UK Men's Basketball

UK basketball notebook: Labissiere case not unusual, but 'firestorm' understandable

Kentucky forward Skal Labissiere (1) shots over Kentucky guard Isaiah Briscoe (13) during Big Blue Madness at Rupp Arena Friday, Oct. 16, 2015 in Lexington, Ky. Photo by Amy Wallot
Kentucky forward Skal Labissiere (1) shots over Kentucky guard Isaiah Briscoe (13) during Big Blue Madness at Rupp Arena Friday, Oct. 16, 2015 in Lexington, Ky. Photo by Amy Wallot Herald-Leader

At Media Day on Wednesday, John Calipari posed what he hopes is the most pertinent question about Kentucky basketball this pre-season: What's the big deal?

Calipari downplayed the significance of the NCAA not yet determining when, or if, star freshman Skal Labissiere will be eligible this season.

"There's probably 50 players" that have their eligibility scrutinized each year, he said, adding that UK had five players have eligibility reviews last year. "A couple of them got cleared a week before the (first) game," he said.

Not all eligibility questions are answered before the start of a fall semester because the NCAA Eligibility Center handles athletes from some 700 schools in Divisions I and II. But a message is sent when a high-profile athlete expected to play a high-profile sport for a high-profile basketball program is not yet ruled eligible in mid-October. The message: The NCAA believes there is reason to check, re-check and triple-check a potential problem.

The NCAA has not yet made a ruling on the eligibility of one of Kansas' top freshmen, Cheick Diallo. Media reports have suggested it's all right for Kansas fans to be concerned.

Calipari all but scoffed at media interest in Labissiere's review.

"How did this ... become like a firestorm?" he said.

Well, let's see. First, it's UK basketball, which is synonymous with firestorms, real and imagined. As Calipari himself said at the 2011 Madness, "We do more than move the needle. We are the needle."

Then, there's the widely held view that Labissiere may be the No. 1 overall pick in the 2016 NBA Draft. Calipari has likened him to Karl-Anthony Towns, the UK player who was the first pick in the 2015 draft. Key player on the pre-season No. 1 team equals heightened interest.

The what's-the-big-deal question does apply to the idea of someone trying to use a star prospect for financial gain. AAU coach Keith Easterwood helped light this fuse last year by saying Labissiere's guardian asked him how to profit off a player. Easterwood followed up last week by saying that this kind of question is fairly routine in the recruiting world.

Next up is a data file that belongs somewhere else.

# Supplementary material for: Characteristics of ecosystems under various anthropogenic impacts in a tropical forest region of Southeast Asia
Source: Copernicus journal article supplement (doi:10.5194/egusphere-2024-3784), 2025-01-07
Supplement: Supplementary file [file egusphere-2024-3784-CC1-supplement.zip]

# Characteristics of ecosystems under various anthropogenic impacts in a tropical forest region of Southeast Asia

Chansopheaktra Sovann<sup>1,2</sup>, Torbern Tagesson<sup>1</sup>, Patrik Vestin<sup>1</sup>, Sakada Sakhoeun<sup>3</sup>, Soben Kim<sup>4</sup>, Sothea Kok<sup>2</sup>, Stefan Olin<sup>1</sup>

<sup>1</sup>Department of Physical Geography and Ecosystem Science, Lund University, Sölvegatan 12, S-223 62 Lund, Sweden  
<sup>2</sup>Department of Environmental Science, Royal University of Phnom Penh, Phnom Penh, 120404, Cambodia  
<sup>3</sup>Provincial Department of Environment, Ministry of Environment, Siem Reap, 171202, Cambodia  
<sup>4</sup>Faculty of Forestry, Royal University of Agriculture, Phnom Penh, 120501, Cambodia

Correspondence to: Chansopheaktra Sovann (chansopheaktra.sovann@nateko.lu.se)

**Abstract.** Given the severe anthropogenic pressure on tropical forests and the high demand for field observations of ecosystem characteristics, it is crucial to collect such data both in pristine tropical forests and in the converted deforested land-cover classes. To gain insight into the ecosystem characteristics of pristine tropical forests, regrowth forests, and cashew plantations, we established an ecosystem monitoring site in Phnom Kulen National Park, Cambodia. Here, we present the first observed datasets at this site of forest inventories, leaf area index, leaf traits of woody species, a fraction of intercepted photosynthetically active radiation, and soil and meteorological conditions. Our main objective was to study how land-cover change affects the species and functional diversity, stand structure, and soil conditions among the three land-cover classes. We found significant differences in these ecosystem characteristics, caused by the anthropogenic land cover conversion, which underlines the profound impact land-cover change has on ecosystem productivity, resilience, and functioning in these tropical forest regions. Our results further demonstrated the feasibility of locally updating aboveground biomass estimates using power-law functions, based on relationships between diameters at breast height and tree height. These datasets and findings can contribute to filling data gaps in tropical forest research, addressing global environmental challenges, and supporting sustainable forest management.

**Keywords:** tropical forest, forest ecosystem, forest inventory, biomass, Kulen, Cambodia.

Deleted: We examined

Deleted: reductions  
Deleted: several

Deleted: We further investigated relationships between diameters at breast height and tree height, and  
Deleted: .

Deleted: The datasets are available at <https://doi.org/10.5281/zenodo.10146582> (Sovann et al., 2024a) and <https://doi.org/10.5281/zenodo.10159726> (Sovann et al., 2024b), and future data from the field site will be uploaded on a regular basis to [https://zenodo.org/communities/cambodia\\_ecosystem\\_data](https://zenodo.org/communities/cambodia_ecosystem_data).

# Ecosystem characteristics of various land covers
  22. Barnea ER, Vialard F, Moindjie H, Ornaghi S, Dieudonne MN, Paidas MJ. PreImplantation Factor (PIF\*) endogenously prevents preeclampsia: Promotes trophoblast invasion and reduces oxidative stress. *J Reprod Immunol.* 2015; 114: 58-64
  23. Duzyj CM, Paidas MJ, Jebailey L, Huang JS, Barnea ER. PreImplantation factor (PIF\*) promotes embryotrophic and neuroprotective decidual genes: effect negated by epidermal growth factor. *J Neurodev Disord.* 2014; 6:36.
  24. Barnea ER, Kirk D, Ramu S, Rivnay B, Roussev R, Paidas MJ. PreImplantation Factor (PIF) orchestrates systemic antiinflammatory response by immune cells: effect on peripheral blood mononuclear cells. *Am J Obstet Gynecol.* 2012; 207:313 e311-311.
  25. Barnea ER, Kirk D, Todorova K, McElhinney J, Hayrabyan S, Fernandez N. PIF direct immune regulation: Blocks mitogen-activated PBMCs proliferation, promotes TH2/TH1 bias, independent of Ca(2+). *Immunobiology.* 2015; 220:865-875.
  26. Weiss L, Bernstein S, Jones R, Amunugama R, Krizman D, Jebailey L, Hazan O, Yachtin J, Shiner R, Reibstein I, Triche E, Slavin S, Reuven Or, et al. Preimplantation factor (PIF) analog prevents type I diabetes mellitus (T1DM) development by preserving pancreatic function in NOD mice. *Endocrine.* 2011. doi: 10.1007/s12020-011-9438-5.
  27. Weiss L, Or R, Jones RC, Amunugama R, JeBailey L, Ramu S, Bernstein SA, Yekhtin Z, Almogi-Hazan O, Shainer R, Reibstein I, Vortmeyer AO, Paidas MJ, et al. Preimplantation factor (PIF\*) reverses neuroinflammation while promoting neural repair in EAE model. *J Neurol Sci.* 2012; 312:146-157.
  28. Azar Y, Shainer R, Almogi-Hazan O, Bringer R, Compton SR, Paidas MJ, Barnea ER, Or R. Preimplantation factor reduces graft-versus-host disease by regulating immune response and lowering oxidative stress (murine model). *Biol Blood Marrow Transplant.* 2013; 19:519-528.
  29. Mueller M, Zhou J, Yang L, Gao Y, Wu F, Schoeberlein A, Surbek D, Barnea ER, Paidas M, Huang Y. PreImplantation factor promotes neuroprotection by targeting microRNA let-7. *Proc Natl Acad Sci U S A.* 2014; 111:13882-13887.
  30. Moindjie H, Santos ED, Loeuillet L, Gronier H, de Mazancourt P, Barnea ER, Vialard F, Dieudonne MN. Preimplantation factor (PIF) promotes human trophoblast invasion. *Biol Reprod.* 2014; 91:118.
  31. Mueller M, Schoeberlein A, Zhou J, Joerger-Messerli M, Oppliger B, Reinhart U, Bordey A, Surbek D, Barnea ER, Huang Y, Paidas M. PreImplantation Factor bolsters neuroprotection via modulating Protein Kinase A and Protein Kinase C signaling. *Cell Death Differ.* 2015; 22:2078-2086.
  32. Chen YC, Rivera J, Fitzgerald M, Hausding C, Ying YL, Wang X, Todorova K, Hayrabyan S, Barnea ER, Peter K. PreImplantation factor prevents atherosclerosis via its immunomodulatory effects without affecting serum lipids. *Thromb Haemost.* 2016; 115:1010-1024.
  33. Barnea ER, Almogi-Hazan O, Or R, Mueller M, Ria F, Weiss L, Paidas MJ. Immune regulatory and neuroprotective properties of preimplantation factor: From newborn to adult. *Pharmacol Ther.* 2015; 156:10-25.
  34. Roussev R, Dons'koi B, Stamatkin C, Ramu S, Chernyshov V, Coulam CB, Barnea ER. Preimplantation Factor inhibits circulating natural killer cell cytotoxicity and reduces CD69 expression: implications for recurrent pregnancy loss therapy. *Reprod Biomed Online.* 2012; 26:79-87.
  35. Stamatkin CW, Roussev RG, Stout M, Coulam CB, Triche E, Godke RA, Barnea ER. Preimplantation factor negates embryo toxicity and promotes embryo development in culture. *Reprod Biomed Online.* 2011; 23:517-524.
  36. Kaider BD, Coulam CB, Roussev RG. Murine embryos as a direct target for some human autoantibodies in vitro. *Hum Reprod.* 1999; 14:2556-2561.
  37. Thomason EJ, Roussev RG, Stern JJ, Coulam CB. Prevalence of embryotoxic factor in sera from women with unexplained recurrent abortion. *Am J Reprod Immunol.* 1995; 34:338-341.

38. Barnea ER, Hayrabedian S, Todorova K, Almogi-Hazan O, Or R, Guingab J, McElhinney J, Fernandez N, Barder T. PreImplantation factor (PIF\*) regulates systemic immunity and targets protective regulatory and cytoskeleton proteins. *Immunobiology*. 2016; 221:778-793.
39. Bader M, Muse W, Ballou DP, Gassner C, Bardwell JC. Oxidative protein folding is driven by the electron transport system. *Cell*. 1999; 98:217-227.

"Over the years, it's not uncommon (to be asked) 'How do I get a shoe deal?'" he said Tuesday on Gary Parrish's Memphis-based radio show. "I get people who call me because they have a relationship. Because they think they have a good player. People ask, 'How do I get paid for this?'

"I've never stepped over the line and tried to pimp a kid. But I get those calls all the time."

Parrish, a respected reporter for CBSSports.com, said Labissiere's guardian, Gerald Hamilton, went to great lengths during the recruiting process trying to find out how he could fund his 501 (c)(3) foundation called Reach Your Dream.

"It's not terribly unusual for an adult to try to profit in some way off of an elite recruit," Parrish said in an email. "But Gerald mishandled the entire situation from the very beginning, and that's why this has become such a big deal. He talked openly, and constantly, about funding his foundation — the implication always being that Skal was his key to doing that."

Parrish also questioned Hamilton's judgment with regard to Labissiere playing for more than one high school and AAU program.

"He bounced Skal from one summer team to the next, then from one high school to another, all of which is often a red flag in the NCAA's eyes," Parrish said in the email. "So Gerald, and Gerald alone, created this dilemma, and I predicted this years ago. So now Skal is left to see what, if anything, the NCAA can find. And that really is too bad. Because Skal genuinely is a sweetheart of a young man, and he wouldn't be in this position if Gerald would've just played everything straight ... or, at least, less clumsily."

Better than Simmons?

Oak Hill Academy Coach Steve Smith coached against Skal Labissiere's team in the Marshall County Hoop Fest last year. He came away impressed.

"I thought he was the best player we played against last year," Smith said.

Among the players Oak Hill Academy faced last season were Harry Giles, the No. 1 rated player in the class of 2016, and LSU freshman Ben Simmons, who some rated the best player in the class of 2015.

"I thought he was better than Ben Simmons," Smith said. "And, Ben Simmons, everybody talks about him being LeBron (James)."

Why does Smith think Labissiere is better than Simmons? "His skill level for a player his size was off the charts ... ," the Oak Hill coach said. "He moved athletically like he was about a 6-2 guard, not a 6-11 guy."